Psychology professor Grace Iarocci is working with the Nlha'kapmix Nation's Nzen'man' Child and Family Development Centre on a two-year autism research study.


Autism study aims to help Indigenous families procure services

May 13, 2019

By Diane Luckow

SFU psychology professor Grace Iarocci, who has devoted her career to studying Autism Spectrum Disorder (ASD), is now researching B.C. Aboriginal families’ experiences and challenges in diagnosing this disorder in their children.

She has partnered with Romona Baxter of the Nzen’man’ Child and Family Development Centre in Lytton, B.C. on a two-year research study.

Iarocci says the study’s goal is to ensure that Aboriginal children who have early developmental delays are being identified early enough to take advantage of government funding programs. Children diagnosed with ASD between birth and six years qualify for $22,000/year from the B.C. Ministry of Children and Family Development (MCFD). But Iarocci says, but this funding drops to just $6,000/year when children turn six years old.

While rates of ASD among Aboriginal children in Canada are unknown, Iarocci says data from the U.S. and Australia suggest the disorder “may be underdiagnosed among Aboriginal populations.” However, the MCFD data indicate that ASD is as prevalent among Aboriginal children as it is among non-Aboriginal children in B.C.

Over the past year, study members have hosted knowledge-gathering events in the Lytton and Merritt areas for the Nlaka’pamux Nation’s 16 communities. During these dialogues, they have encouraged families and service providers to share their experiences, and perceived gaps and needs, and to help identify improvements.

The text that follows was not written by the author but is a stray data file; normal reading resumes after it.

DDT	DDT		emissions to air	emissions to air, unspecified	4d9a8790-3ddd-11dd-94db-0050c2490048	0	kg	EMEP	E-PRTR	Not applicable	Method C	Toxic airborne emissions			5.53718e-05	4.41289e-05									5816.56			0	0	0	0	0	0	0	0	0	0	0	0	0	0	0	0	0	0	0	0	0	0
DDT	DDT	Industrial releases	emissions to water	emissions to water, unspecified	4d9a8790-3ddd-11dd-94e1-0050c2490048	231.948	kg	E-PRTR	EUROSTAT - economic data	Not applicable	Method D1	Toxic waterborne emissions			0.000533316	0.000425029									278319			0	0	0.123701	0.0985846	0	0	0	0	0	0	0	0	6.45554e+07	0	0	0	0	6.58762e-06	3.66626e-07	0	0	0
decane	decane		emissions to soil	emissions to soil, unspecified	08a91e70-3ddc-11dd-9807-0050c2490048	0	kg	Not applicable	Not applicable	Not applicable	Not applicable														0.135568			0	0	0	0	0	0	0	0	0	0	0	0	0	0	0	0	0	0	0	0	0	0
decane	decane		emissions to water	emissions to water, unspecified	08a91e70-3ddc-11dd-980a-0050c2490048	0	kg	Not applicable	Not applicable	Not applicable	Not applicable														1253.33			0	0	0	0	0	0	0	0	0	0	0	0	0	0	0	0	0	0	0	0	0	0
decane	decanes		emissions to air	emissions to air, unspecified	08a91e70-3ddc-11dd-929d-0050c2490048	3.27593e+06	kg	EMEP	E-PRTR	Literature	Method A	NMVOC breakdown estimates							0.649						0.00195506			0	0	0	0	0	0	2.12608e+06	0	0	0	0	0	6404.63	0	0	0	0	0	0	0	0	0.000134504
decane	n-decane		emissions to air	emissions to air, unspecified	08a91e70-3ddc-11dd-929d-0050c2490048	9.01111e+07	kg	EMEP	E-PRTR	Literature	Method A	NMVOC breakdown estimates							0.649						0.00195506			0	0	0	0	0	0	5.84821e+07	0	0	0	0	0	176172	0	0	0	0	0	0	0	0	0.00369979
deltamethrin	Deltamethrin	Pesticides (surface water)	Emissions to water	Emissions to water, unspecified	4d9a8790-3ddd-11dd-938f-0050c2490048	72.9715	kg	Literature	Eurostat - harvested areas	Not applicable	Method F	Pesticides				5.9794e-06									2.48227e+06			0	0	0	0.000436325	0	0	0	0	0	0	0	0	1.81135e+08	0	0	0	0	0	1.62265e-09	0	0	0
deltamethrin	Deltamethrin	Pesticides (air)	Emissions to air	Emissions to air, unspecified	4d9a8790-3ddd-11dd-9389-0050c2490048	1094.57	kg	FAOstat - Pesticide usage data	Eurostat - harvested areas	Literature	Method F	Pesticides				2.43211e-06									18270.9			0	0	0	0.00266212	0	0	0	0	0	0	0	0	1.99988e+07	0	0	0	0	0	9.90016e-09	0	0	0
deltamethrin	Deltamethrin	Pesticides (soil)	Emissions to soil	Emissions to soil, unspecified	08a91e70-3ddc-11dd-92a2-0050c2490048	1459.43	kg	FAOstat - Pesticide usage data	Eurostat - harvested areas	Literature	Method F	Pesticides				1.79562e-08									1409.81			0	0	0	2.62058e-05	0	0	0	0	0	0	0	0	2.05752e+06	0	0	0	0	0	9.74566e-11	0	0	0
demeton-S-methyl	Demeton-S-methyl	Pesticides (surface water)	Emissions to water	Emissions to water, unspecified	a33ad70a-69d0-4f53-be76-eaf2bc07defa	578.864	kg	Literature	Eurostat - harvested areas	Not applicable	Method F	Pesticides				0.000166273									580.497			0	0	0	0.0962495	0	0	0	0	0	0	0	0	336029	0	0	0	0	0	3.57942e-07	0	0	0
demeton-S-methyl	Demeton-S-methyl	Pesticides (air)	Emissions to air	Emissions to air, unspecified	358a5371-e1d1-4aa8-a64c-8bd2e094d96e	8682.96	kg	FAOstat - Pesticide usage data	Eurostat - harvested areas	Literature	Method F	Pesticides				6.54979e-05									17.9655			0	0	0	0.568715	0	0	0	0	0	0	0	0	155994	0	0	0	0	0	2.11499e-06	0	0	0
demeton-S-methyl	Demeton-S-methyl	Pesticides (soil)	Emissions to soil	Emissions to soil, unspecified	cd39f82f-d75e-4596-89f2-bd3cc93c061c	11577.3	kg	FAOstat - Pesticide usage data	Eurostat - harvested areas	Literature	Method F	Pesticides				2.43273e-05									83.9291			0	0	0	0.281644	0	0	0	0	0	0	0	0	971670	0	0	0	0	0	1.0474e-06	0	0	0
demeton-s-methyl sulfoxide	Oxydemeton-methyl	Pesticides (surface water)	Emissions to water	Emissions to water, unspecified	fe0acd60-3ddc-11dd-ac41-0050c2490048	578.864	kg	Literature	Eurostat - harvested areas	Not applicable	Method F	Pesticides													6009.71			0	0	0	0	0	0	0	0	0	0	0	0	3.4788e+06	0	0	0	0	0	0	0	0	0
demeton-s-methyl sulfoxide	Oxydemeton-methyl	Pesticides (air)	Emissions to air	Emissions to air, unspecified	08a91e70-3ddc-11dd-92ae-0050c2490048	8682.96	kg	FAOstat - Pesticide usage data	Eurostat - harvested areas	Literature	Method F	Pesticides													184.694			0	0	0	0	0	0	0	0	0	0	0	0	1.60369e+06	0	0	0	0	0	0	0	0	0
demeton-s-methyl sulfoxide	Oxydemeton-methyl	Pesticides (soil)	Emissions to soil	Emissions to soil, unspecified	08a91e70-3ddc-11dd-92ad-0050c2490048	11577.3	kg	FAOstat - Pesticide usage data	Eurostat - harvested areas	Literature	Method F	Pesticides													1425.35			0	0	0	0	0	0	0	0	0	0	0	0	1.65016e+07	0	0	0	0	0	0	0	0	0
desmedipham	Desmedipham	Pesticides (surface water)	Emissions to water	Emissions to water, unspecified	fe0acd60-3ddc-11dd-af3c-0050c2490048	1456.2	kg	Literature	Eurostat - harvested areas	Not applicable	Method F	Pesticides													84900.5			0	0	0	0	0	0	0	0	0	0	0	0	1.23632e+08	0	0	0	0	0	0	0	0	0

The researchers also held training workshops with professionals at the N’zenman child development centre to determine whether current, mainstream approaches for early intervention are suitable, or whether they should be culturally adapted for Aboriginal communities.

Iarocci knows that many Aboriginal families are hesitant for their children to be diagnosed, and that it can also be difficult to get a diagnosis when a qualified professional only visits these communities once every six months.

She hopes her study will make a difference.

“We’ll analyze the data together with Romona Baxter (co-lead), and Rona Sterling-Collins (community lead). Romona has an MA in social work and Rona is the parent of a child with ASD,” says Iarocci. “Their viewpoints will be invaluable, as we want to ensure the themes we’re pulling from our data make sense, and that the conclusions make sense for the communities.”

She adds, “We’ll find solutions that work for each community, and that are sustainable, because for solutions to work there has to be an infrastructure and ongoing support and resources.”

The study has been funded with a 2018 Convening & Collaborating (C2) award from the Michael Smith Foundation for Health Research, and with the Social Sciences and Humanities Research Council’s Engage grants.